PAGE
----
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Mary Tomlinson Board of Pesticides Control Maine Agricultural Trade Show January 13-15, 2015.

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Presentation on theme: "Mary Tomlinson Board of Pesticides Control Maine Agricultural Trade Show January 13-15, 2015."— Presentation transcript:

1 Mary Tomlinson Board of Pesticides Control Maine Agricultural Trade Show January 13-15, 2015

2 The beginning Past studies: Groundwater monitoring 1994-2013 Surface water monitoring 1994-2013 Present: monitoring in 2014 Future studies

3 State law Guthion residue study Aldicarb contamination Collaborative groundwater studies

4 State Law Wells or bodies of water Areas of possible contamination or at other locations At least once every 6 years Purpose – develop profile of pesticides present 7 M.R.S.A. §607-A (2-A) requires water residue surveys:

5 1978 Guthion Residue Study To determine if guthion from blueberry spray operations moved through soils and entered various water bodies 8 locations selected on the Cherryfield Quadrangle map Sites sampled: 2 rivers, 1 brook, 2 lakes, 1 spring, 1 fish hatchery, 1 drilled well No detections at minimum level of detection (MLD) of 3 ppb (parts per billion)

6 Aldicarb (Temik TM ) Contamination 1980-1983: Testing by Union Carbide due to groundwater contamination in other states 107 contaminated wells near potato fields in Aroostook Co. 11 wells over maximum contamination level (MCL = 10 ppb) 77 ppb highest level detected

7 Aldicarb (Temik TM ) Contamination cont. Label directions changed Filters placed on wells 1984: BPC mandatory buffer zones enacted 1985: 49 wells contaminated, 6 over MCL 20 ppb highest level detected No longer registered in Maine 01 DEPARTMENT OF AGRICULTURE, FOOD AND RURAL RESOURCES 026 BOARD OF PESTICIDES CONTROL Chapter 41: SPECIAL RESTRICTIONS ON PESTICIDE USE SUMMARY: This chapter describes special limitations placed upon the use of (1) aldicarb (Temik 15G) in proximity to potable water bodies;

8 Collaborative Studies 1985-1987: Maine Geological Survey (MGS) and the Department of Agriculture, Food and Rural Resources (DAFRR): 3-year study in potato regions of Maine Objective: Evaluate impact of agricultural pesticides on groundwater quality Trace levels of pesticides in 14% of wells Conclusions: Contamination by agricultural pesticides, seems to occur more frequently in bedrock wells that are overlain by till

9 Collaborative Studies cont. 1989: MGS, DAFFR, and USEPA Private wells near potato fields in Aroostook Co. Traces of pesticides in 42% of 51 wells

10 Collaborative Studies cont. 199o: BPC and University of Maine Objective: Evaluate effectiveness of using immunoassay tests for monitoring groundwater for pesticides Of 58 wells: Atrazine detected in 31%, MCL exceeded in 2 Alachlor detected in 12%, all exceeded MCGL Carbofuran detected in 5%, all below MCL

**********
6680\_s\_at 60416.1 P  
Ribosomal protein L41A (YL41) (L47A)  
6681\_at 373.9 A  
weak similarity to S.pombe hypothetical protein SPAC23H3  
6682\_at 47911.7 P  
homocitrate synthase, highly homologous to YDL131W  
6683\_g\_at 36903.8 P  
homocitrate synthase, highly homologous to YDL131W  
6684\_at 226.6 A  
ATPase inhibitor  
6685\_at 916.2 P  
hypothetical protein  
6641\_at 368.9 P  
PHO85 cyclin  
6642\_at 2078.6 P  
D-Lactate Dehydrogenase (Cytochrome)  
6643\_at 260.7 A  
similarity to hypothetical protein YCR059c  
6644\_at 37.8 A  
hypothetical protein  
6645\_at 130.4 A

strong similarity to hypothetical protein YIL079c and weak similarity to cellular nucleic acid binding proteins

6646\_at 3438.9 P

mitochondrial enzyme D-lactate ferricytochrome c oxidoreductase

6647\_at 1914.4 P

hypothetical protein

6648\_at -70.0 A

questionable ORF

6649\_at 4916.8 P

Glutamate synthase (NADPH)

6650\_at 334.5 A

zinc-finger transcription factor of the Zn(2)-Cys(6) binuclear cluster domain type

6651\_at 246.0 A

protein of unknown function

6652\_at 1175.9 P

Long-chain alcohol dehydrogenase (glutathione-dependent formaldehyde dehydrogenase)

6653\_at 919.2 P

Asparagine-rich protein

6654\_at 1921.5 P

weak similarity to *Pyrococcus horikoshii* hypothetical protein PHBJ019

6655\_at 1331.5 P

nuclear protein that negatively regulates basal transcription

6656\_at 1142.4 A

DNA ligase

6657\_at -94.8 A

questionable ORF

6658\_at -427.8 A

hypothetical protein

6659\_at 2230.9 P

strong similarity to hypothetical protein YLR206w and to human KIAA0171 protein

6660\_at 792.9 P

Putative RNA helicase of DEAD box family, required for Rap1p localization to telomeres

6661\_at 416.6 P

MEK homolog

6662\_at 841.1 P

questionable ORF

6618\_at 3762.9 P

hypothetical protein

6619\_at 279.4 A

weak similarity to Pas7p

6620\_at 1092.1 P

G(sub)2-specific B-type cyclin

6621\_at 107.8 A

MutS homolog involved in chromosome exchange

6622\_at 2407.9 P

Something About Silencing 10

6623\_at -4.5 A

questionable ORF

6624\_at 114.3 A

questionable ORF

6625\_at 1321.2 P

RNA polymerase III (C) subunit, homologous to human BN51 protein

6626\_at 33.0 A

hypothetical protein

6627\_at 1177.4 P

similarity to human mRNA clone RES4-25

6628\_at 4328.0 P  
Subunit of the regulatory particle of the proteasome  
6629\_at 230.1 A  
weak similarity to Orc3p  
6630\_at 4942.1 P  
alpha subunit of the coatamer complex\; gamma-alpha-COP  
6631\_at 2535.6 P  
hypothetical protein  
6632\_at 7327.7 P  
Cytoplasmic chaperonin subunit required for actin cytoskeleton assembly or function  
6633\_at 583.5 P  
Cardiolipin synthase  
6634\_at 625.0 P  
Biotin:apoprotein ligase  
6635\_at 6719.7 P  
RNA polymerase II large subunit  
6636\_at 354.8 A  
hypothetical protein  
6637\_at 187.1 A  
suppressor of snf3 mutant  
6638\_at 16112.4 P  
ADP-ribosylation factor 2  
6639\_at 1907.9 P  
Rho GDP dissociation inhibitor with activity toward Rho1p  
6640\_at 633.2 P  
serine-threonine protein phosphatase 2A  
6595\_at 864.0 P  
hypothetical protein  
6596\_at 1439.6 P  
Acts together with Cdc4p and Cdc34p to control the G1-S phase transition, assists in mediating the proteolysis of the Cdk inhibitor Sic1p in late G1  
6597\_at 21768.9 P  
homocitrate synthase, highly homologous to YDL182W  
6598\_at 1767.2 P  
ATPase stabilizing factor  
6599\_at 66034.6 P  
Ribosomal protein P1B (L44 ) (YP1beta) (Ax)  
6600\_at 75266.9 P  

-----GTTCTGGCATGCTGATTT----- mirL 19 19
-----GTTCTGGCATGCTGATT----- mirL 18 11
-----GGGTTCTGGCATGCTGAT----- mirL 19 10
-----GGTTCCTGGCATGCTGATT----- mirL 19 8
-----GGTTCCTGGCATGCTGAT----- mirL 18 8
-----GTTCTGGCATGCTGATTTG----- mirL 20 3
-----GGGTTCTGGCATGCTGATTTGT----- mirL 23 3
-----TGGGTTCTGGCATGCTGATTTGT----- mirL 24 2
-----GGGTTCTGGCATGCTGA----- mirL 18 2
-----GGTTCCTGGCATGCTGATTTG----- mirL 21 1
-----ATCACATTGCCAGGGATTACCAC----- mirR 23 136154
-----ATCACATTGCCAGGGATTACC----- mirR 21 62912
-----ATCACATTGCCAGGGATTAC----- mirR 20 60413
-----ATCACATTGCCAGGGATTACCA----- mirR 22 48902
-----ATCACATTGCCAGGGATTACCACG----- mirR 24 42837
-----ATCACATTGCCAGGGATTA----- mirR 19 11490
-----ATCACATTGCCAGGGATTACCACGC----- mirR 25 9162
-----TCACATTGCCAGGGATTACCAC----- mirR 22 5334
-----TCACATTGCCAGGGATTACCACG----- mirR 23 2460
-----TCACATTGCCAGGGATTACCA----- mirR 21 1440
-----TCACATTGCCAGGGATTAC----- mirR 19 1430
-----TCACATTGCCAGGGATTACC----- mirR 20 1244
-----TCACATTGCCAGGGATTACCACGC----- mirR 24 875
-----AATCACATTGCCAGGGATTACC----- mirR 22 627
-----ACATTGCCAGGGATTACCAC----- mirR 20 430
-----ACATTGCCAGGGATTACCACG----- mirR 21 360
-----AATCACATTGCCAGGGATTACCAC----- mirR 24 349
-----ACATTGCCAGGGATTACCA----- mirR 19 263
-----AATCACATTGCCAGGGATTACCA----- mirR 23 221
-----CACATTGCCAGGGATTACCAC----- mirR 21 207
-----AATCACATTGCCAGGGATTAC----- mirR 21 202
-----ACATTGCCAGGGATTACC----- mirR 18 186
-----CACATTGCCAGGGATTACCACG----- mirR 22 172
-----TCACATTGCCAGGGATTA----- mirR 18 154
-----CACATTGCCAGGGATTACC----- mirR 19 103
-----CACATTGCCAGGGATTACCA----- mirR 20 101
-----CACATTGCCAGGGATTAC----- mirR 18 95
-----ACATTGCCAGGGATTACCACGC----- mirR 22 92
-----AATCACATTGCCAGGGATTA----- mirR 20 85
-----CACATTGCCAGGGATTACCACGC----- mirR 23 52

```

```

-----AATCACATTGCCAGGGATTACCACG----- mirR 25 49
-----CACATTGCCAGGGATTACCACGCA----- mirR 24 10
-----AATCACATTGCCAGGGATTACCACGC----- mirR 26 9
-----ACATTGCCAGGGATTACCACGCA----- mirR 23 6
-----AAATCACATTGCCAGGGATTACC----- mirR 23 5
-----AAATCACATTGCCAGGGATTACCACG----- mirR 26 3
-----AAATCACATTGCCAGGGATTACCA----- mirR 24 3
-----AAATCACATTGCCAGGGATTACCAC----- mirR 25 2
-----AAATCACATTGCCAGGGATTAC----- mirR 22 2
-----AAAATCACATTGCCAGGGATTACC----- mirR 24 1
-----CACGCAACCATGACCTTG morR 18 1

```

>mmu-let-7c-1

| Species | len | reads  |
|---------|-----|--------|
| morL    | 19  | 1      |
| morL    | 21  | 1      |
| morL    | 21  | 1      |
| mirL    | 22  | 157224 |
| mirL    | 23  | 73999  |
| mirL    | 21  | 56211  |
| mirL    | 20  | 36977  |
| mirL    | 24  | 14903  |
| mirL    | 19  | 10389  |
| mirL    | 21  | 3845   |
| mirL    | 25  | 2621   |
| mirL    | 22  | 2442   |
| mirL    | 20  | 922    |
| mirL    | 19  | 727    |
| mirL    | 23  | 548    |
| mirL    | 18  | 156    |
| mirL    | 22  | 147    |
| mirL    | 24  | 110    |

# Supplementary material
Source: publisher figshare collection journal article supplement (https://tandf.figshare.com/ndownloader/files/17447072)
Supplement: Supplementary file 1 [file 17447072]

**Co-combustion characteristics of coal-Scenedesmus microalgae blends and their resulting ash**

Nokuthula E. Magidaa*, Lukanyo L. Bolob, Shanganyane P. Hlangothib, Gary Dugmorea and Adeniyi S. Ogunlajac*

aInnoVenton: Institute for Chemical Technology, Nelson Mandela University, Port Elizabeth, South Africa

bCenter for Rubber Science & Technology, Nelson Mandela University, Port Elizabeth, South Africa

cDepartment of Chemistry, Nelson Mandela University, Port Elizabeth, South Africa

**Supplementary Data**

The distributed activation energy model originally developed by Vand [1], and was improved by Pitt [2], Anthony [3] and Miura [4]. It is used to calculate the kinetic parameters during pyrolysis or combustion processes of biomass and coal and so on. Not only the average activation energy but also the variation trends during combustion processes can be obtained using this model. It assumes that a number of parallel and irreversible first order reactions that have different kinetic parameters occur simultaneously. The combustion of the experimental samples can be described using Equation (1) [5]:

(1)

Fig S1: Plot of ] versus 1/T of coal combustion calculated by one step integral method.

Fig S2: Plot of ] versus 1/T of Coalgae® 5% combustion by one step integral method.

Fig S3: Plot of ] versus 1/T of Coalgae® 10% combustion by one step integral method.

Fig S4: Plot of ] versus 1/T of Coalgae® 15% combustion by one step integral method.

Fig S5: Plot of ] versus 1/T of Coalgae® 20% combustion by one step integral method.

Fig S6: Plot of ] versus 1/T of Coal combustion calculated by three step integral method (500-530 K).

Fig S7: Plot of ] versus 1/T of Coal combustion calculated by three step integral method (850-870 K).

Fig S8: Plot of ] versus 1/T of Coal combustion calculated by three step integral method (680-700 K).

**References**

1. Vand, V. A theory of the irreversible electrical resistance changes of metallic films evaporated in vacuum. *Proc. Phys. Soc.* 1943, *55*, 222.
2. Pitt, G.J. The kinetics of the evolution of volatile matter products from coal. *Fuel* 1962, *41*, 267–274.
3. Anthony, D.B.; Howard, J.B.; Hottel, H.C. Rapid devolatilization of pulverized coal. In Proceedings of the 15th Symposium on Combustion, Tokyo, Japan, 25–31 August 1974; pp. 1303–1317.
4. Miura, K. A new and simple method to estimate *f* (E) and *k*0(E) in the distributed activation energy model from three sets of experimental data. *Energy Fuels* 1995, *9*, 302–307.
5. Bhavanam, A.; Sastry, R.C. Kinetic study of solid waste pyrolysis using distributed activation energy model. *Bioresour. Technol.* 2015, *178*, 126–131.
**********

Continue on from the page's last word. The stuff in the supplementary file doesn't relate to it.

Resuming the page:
11 Collaborative studies cont. 1992 – BPC and University of Maine Maine Triazine Assay Survey Results confirmed by laboratory analysis Detections in 38 of 152 wells: Atrazine detected in 20% Simazine detected in 3% Cyanizine detected in 1 sample (< 1%) Positive wells resampled later in year Detections remained below health advisories


13 Statewide Groundwater Management Plan Statewide GW monitoring results Hexazinone State Management Plan Hexazinone GW monitoring results Corn herbicide study

14 1994 - Adopted by BPC Guidance for assessing impact of labeled pesticide use on GW Guidance for assessing effectiveness of normal pesticide practices Guidance for developing pesticide- specific management plans Focused on commodity/use sites Sampling every 5-7 years Maine Generic State Management Plan for Pesticides and Groundwater

15 GW Study Well Criteria Random and targeted sampling Private residence Within ¼ mile of target crop Down gradient of or equal elevation with crop site No water bodies between crop site and well Grab samples No filters or water treatment systems

16 Quality Assurance/Quality Control Training Standard operating procedures (SOPs) Equipment blanks Field blanks (water and drift cards) Duplicate samples Laboratory QA/QC Data entry verification

17 Statewide GW Monitoring: Focused on Commodities 1994, 1999, 2005, 2013 Crop sites: Potatoes Corn Blueberries Small grains Orchards Christmas trees Strawberries Rights of way (except 2013) Market gardens

18 199419992005 Number of wells sampled129 194127 Number of samples129194137 Percent of wells with positive detections24 911 Number of samples with positive detections 311714 Percent of samples with positive detections 24910 Number of pesticides detected1048 Number of pesticides analyzed383231 Number of detections above HAL, MEG, MCL 1**00 **Diazinon applied around well casing for ant control

19 1994: Most frequently detected pesticide in first statewide GW monitoring study 35 of 48 sites positive in follow up sampling 1996: Adopted by BPC to retain use of hexazinone (blueberry pesticide) Private, domestic wells Sampling every 5-7 years Previously positive and new wells Hexazinone State Management Plan for the Protection of Groundwater